Emission laws challenge crane industry

Crane and engine manufacturers have been faced with a range of choices and challenges concerning current and future engine emission laws.
A computer generated image from Manitowoc
demonstrating some of the latest crane technology
At the start of 2011, substantially-reduced emission limits came into force for off-road diesel engine manufacturers.
These were in the form of Stage IIIB and Tier 4 Interim engine laws in Europe and the USA respectively, while the stricter EU IV/ US Tier 4 Final rules must be complied with by 2014.
The regulatory overhaul means that state-of-the-art engines released from 1 January 2011 must satisfy demanding legal requirements on emissions, including emitting 90% less particulate matter than current machines and 50% less NOx (oxides of nitrogen).
Manufacturers have a choice between two very different approaches when it comes to tackling diesel engine emissions. The selective catalytic reduction (SCR) exhaust aftertreatment system involves reprocessing exhaust gases with a urea resin to convert harmful NOx into inert nitrogen and water. The other method is the exhaust gas recirculation (EGR) system. This reduces emissions by cooling and pumping a proportion of the exhaust gas back into the engine’s cylinders.
Diesel particulate filters (DPF), which filter out the black exhaust soot that diesel engines produce, are often used in conjunction with the EGR approach.
Uniform systems

Following an evaluation of development costs, aftermarket service support and market preference, Manitowoc chose “Different engine manufacturers chose different solutions based on what was determined the best for their product and for their customers. The EGR system requires greater heat rejection of the cooling systems and, in certain duty cycles, full efficiency improves,” explains Satori. “The SCR technology requires the customer to maintain additional fluid (DEF) for the engine while maintaining more commonality to the Stage 3a and Tier 3 installations. It is anticipated that the technologies will converge as engine manufacturers modify their approach to meet Stage 4 and Tier IV Final requirements,” adds Satori.

Cost, weight, space and availability of information for Stage 3b and Tier IV interim engine installations were major hurdles in the design process of engines and the cranes themselves. “We will continue to face these same challenges through the introduction of Tier IV Final. The implementation of the EGR technology for Stage 3b and Tier IV interim created a larger development effort for OEMs than the SCR technology. An associated increase in the Tier IV Final effort will be seen by those that chose SCR for Tier IV Interim,” explains Satori.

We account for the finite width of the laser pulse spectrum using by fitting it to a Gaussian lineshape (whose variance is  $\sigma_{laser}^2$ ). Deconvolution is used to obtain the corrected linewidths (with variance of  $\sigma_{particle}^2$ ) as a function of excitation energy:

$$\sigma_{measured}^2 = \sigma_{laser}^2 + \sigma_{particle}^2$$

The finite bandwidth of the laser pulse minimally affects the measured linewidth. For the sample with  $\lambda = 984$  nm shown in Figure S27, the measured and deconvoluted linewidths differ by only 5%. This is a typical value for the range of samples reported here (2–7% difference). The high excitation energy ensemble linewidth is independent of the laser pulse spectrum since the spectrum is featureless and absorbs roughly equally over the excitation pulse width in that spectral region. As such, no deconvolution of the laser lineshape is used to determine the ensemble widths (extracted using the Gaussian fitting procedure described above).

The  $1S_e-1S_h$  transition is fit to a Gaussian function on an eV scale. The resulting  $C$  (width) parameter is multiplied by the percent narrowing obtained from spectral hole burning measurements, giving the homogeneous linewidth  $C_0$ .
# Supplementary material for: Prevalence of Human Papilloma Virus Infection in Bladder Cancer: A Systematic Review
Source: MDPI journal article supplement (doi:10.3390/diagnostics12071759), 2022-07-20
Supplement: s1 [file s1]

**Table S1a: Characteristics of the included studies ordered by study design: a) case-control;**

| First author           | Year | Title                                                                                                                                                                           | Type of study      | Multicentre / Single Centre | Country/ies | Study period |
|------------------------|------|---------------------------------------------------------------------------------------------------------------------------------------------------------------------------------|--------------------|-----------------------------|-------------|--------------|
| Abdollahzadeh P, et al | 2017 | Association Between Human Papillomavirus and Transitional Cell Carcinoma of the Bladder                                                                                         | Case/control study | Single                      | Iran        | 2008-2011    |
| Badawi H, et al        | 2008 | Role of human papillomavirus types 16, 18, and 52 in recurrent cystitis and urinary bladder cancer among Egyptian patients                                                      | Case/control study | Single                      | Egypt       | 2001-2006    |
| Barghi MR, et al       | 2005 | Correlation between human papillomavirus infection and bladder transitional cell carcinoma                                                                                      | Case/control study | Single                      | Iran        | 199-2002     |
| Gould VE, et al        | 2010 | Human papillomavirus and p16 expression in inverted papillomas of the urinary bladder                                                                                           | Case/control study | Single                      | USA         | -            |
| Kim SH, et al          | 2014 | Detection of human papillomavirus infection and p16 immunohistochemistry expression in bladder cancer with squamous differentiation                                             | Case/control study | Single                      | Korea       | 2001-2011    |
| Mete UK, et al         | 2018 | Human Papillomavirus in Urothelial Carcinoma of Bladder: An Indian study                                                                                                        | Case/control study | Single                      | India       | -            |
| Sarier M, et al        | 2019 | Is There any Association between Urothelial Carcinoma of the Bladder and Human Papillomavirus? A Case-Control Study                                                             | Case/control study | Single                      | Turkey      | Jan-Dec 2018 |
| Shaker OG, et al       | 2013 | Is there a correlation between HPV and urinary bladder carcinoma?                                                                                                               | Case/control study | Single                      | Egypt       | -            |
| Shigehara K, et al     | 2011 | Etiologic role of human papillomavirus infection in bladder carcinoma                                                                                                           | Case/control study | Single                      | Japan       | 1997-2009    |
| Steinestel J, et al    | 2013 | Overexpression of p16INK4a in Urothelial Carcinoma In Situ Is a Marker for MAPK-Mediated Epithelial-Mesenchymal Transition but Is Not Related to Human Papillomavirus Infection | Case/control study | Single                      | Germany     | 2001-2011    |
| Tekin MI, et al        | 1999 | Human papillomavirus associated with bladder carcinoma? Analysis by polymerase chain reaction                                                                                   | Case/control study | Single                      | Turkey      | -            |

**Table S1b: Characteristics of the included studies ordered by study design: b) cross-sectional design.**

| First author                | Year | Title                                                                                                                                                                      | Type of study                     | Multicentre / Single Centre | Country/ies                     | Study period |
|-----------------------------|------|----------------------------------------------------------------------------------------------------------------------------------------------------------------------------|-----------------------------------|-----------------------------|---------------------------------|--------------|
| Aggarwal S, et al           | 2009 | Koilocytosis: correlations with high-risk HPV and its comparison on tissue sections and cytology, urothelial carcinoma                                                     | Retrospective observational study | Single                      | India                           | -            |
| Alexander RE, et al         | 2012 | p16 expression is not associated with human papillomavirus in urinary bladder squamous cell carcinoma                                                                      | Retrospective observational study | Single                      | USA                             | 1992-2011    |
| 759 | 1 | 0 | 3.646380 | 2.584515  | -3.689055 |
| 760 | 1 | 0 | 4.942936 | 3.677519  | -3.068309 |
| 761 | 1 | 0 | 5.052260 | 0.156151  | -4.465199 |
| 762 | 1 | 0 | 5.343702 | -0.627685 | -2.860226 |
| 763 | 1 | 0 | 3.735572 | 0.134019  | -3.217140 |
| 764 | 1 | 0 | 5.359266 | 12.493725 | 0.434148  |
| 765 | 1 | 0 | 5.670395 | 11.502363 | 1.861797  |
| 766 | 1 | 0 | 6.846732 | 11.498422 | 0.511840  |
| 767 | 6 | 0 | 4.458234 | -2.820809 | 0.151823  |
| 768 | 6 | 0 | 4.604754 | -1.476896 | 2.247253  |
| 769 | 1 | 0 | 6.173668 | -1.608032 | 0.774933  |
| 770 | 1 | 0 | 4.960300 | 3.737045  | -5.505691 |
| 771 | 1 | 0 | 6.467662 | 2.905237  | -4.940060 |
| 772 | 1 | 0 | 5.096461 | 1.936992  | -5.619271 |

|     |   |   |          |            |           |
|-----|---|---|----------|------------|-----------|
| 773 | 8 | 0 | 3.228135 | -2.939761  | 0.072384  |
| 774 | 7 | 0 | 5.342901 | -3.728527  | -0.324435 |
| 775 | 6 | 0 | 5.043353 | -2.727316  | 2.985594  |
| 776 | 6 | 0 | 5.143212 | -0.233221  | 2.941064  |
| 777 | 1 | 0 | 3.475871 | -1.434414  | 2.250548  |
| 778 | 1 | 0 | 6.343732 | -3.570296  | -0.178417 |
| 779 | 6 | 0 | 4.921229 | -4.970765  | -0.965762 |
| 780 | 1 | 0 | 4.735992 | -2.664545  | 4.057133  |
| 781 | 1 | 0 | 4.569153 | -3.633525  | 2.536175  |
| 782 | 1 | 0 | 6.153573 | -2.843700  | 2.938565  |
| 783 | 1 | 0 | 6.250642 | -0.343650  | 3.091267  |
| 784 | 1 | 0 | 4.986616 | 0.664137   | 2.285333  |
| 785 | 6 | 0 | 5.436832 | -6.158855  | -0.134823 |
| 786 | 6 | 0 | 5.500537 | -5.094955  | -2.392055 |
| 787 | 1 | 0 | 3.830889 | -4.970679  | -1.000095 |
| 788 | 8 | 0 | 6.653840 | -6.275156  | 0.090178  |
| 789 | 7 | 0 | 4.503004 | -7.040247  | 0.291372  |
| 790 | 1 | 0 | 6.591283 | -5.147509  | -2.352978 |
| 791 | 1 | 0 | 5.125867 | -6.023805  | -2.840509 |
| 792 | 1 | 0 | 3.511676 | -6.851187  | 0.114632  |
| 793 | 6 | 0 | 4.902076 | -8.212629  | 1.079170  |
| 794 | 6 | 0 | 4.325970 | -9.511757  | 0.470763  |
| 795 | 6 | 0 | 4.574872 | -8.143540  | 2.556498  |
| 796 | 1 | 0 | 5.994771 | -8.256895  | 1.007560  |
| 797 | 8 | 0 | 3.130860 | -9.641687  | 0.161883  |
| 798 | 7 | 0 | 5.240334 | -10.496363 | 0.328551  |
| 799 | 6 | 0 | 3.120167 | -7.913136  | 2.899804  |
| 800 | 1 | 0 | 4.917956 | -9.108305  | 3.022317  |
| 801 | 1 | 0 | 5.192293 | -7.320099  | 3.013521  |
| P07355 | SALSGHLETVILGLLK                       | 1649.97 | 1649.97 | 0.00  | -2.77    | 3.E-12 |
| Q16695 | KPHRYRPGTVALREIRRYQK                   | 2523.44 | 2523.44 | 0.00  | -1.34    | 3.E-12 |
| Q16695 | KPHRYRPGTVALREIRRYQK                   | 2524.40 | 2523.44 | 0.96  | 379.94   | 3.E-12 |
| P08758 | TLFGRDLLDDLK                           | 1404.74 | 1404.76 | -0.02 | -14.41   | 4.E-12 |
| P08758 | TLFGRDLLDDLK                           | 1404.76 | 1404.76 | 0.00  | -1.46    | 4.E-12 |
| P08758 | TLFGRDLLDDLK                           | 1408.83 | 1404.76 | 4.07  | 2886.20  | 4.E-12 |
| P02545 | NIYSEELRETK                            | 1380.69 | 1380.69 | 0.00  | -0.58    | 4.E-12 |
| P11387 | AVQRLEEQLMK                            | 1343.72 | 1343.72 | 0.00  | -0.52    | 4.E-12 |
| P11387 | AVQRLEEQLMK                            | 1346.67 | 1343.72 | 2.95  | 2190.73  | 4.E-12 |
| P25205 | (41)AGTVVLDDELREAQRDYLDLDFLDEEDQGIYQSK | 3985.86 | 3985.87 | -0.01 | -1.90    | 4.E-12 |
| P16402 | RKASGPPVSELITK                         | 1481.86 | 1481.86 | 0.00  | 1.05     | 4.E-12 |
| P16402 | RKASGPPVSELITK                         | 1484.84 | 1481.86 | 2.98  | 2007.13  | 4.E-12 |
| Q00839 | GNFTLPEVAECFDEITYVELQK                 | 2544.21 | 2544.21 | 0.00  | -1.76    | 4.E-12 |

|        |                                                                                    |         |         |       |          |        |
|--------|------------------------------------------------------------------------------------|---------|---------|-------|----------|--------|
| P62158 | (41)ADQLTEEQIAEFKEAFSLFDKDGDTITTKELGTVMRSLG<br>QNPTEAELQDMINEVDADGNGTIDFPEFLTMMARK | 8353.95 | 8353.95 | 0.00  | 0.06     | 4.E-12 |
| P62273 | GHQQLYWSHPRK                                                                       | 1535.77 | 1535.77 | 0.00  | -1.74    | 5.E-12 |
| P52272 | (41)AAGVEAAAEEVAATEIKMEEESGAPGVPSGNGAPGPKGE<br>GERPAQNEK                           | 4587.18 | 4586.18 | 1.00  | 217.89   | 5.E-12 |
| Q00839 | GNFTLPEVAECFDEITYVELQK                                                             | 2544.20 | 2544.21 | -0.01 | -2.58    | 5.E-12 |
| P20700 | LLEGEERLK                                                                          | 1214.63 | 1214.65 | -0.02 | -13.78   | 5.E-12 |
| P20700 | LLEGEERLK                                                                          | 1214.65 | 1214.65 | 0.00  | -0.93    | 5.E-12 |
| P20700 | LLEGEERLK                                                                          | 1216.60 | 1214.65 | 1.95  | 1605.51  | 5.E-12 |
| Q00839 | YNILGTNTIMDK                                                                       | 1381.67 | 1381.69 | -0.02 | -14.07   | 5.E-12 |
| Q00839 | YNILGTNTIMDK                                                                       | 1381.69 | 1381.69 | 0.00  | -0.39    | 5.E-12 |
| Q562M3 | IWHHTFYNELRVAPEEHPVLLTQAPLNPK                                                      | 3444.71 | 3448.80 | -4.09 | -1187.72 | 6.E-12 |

Cummins is using catalysts in its new Tier 4 Interim-compliant, 75-173 hp QSB3,3, QSB4,5 and QSB6,7 engines. However, it is using this in combination with the cooled EGR approach. The Cummins Compact Catalyst is designed not to require ash removal, servicing or a diesel particulate filter, and is designed to last the life of the engine.
The manufacturer claims it is the only fully passive after treatment system below 174 hp, and its engines will deliver up to 5% better fuel economy than Tier 3 counterparts. The company said it had decided against the full SCR approach for its 2011-compliant engines because of the bulky on-board urea tank that the method requires.
“Operators of off-highway equipment have consistently expressed a preference to avoid the additional cost, supply and refilling of an SCR system. Cummins cooled EGR and Cummins Compact Catalyst does not require this additional fluid,” a company spokesman says.
New generation
Another notable feature of modern engine design, adds Beringer, is common rail fuel injection systems. On diesel engines, it features a high-pressure (more than 1,000 bar/15,000 psi) fuel rail feeding individual solenoid valves, as opposed to low-pressure fuel pump feeding unit injectors (pump nozzles). Third-generation common rail diesels now have piezoelectric injectors for increased precision, with fuel pressures up to 1,800 bar/26,000 psi.
The new MTU engine has advanced common-rail fuel injection with pressures of up to 2,500 bar, while two-stage turbo charging further reduces the engine’s emission levels.
MTU met the January 2011 targets in Europe and the US by using SCR for engines below 560 kW, and EGR for engines from 560 to 730 kW – sticking to compact designs in both.
The state-of-the-art off-road engines for Tier 4 Final compliance in 2014 are similar designs, featuring a small number of external connections – such as for coolant pipes and air ducting or electronic interfaces – to speed up installation. “The latest engine incarnation is a quantum leap, not just technologically speaking but in precision manufacturing terms as well,” according to an MTU spokesman.
For Liebherr, current and future challenges will come in the design of a completely new engine with diesel particulate filter (DPF) and SCR system and to integrate it into the complete crane range, says Beringer.
Satori continues that the most significant development comes in Cummins’ announcement that the diesel particulate filter (DPF) will not be required for their Tier IV Final solution for their 9 litre and smaller engines. “Cummins has also indicated that it does not anticipate any increased heat rejection requirements for Stage 4 and Tier IV Final,” says Satori.
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